Meanwhile, a great brawl was going on in the palace, in the Tuileries [gardens], and on the Champs Élysées, and the Swiss [Guards] who had been deceived by the aristocratic instigators in the palace and had fired on the people, especially on the brave Marseillais running to embrace them after false assurances of friendship and brotherhood, were being hotly pursued and were defending themselves in the same way, everywhere in the Tuileries gardens, in the palace, and around it; the ground is still to be seen covered with corpses. . . .
[from Philip Dawson, ed., The French Revolution (Englewood Cliffs, NJ, 1967), 103-8]
The events are generally taken as signifying a "Second" Revolution because they not only sealed the fate of the monarchy but also marked a shift of de facto power from the legislative body to the people and commune of Paris, a dynamic that would drive the Revolution in an ever more radical direction for nearly two more years. The so-called "September Massacres," in which radicals, with the acquiescence or encouragement of the Commune, massacred some 1,100-1,400 "counter-revolutionary" political prisoners at the start of that month, were one stark sign of the change.

Monday, August 3, 2009

27-28 July 1794/9-10 Thermidor Year 2: Overthrow of Robespierre and the Radical Revolutionaries

On the night of 9 Thermidor of the Year II of the French Republic, a sordid alliance of convenience between conservatives and bloodthirsty ultraradicals arrested Maximilien Robespierre and his allies on the Committee of Public Safety. The next day the plotters had their victims summarily executed.

Introducing his fundamentally dishonest edition of Robespierre's papers, which deliberately falsified the record through selectivity and distortion, Edme-Bonaventure Courtois painted Robespierre as at once weak, vain, and sinister, willing to do anything to achieve his selfish ends:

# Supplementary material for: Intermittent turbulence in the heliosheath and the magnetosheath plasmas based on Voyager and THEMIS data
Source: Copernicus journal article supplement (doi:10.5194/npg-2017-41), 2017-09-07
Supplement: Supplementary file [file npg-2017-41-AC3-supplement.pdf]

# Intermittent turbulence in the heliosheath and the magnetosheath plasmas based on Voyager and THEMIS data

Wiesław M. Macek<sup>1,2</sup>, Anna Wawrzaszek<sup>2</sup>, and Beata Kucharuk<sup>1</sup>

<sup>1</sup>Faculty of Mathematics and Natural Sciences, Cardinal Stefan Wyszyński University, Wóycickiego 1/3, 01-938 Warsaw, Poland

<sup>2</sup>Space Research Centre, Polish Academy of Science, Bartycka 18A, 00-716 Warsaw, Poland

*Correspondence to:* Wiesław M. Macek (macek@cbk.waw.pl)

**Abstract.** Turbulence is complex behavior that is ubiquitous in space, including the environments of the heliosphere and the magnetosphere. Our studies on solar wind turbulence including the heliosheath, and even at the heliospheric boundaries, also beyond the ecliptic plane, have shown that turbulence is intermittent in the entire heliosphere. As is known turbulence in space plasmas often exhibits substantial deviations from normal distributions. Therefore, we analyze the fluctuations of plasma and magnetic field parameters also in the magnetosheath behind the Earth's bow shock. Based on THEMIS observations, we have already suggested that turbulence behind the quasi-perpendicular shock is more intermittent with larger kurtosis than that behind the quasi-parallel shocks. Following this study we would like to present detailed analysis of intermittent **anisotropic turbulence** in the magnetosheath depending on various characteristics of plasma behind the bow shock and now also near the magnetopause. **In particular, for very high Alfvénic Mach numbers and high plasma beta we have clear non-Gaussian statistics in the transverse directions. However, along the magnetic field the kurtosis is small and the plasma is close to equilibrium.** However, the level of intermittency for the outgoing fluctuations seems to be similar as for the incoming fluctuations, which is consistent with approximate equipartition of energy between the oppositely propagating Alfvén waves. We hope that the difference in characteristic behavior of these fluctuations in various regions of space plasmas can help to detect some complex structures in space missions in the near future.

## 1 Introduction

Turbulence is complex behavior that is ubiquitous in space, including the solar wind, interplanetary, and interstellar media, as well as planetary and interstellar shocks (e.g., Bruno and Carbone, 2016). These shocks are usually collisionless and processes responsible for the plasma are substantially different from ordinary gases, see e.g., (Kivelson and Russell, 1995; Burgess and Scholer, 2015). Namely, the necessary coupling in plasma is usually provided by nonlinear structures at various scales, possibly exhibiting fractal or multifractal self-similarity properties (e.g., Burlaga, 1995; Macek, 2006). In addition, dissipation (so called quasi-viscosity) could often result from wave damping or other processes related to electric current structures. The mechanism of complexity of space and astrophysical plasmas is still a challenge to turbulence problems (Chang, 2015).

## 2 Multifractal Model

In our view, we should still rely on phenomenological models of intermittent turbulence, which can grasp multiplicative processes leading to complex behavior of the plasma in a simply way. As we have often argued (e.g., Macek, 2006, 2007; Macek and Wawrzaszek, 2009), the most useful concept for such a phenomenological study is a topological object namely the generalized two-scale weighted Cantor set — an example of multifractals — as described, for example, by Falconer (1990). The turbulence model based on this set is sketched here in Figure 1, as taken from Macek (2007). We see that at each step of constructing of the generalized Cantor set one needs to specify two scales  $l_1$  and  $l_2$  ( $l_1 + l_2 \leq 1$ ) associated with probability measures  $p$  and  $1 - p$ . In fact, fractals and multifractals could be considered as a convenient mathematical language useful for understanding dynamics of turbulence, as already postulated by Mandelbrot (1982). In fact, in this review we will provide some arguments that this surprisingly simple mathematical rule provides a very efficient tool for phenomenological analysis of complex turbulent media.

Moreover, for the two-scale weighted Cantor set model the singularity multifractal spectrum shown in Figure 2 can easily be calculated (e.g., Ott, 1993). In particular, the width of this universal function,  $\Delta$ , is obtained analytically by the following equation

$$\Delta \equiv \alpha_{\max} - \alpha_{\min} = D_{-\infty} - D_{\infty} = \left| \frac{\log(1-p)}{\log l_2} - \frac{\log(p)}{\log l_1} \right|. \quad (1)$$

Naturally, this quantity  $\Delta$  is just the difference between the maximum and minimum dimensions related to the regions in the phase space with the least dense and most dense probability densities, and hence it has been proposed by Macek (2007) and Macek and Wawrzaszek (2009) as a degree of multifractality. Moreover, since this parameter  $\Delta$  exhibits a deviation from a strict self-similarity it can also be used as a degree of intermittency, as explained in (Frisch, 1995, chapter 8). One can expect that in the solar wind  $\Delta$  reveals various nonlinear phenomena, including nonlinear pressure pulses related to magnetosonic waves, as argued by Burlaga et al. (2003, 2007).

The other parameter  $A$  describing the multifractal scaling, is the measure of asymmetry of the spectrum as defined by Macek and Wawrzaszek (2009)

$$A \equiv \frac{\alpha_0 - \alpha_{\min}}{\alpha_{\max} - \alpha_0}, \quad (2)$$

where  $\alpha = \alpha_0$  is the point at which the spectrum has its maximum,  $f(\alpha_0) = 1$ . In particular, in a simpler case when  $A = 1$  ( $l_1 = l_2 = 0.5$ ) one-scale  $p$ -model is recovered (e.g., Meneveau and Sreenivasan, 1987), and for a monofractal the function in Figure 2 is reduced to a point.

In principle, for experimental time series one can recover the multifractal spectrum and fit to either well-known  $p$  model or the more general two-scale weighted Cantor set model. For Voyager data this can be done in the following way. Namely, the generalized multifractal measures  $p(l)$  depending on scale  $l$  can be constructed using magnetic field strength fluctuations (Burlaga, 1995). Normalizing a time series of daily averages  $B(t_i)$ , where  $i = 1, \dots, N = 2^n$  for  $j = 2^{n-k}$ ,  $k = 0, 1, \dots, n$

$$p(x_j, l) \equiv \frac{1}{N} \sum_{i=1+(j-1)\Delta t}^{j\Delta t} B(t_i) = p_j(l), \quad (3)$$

Jeter dans les fers les talens, l'esprit, la vertu, la science et les richesses; imprimer la terreur à tous, au point que ceux qui n'étaient point incarcérés, n'osassent parler, de peur de l'être: et pour imprimer cette terreur, faire sortir de terre des guillotines, semer par-tout des tribunaux à la Fouquier, à la Dumas; enchaîner la plume des journalistes contraire à ses vues . . .
(Rapport fait au nom de la Commission chargée de l'examen des papiers trouvés chez Robespierre et ses complices . . . {Paris: Conventional Nationale, An 3}, 31)
For his opponents, it was the end of tyranny.

Seen from a more modern and sober perspective, it was the end of the socially most progressive phase of the French Revolution.

Robespierre, whose reputation has suffered for some two centuries from the blind hostility and tendentious distortions of his enemies, was in fact a far more complex and tragic figure than either they or most of us even today realize. Far from being a bloodthirsty monster, the man who had in his early career opposed the death penalty and later argued against attempting to promulgate political principles (we might call it regime change today) by military conquest, wrestled throughout his career with the problem of reconciling political reform and democracy when both concepts were new and untested, under crisis conditions:
It is the function of government to guide the moral and physical energies of the nation toward the purposes for which it was established.

The object of constitutional government is to preserve the Republic; the object of revolutionary government is to establish it.

Revolution is the war waged by liberty against its enemies; a constitution is that which crowns the edifice of freedom once victory has been won and the nation is at peace.

The revolutionary government has to summon extraordinary activity to its aid precisely because it is at war. It is subjected to less binding and less uniform regulations, because the circumstances in which it finds itself are tempestuous and shifting, above all because it is compelled to deploy, swiftly and incessantly, new resources to meet new and pressing dangers.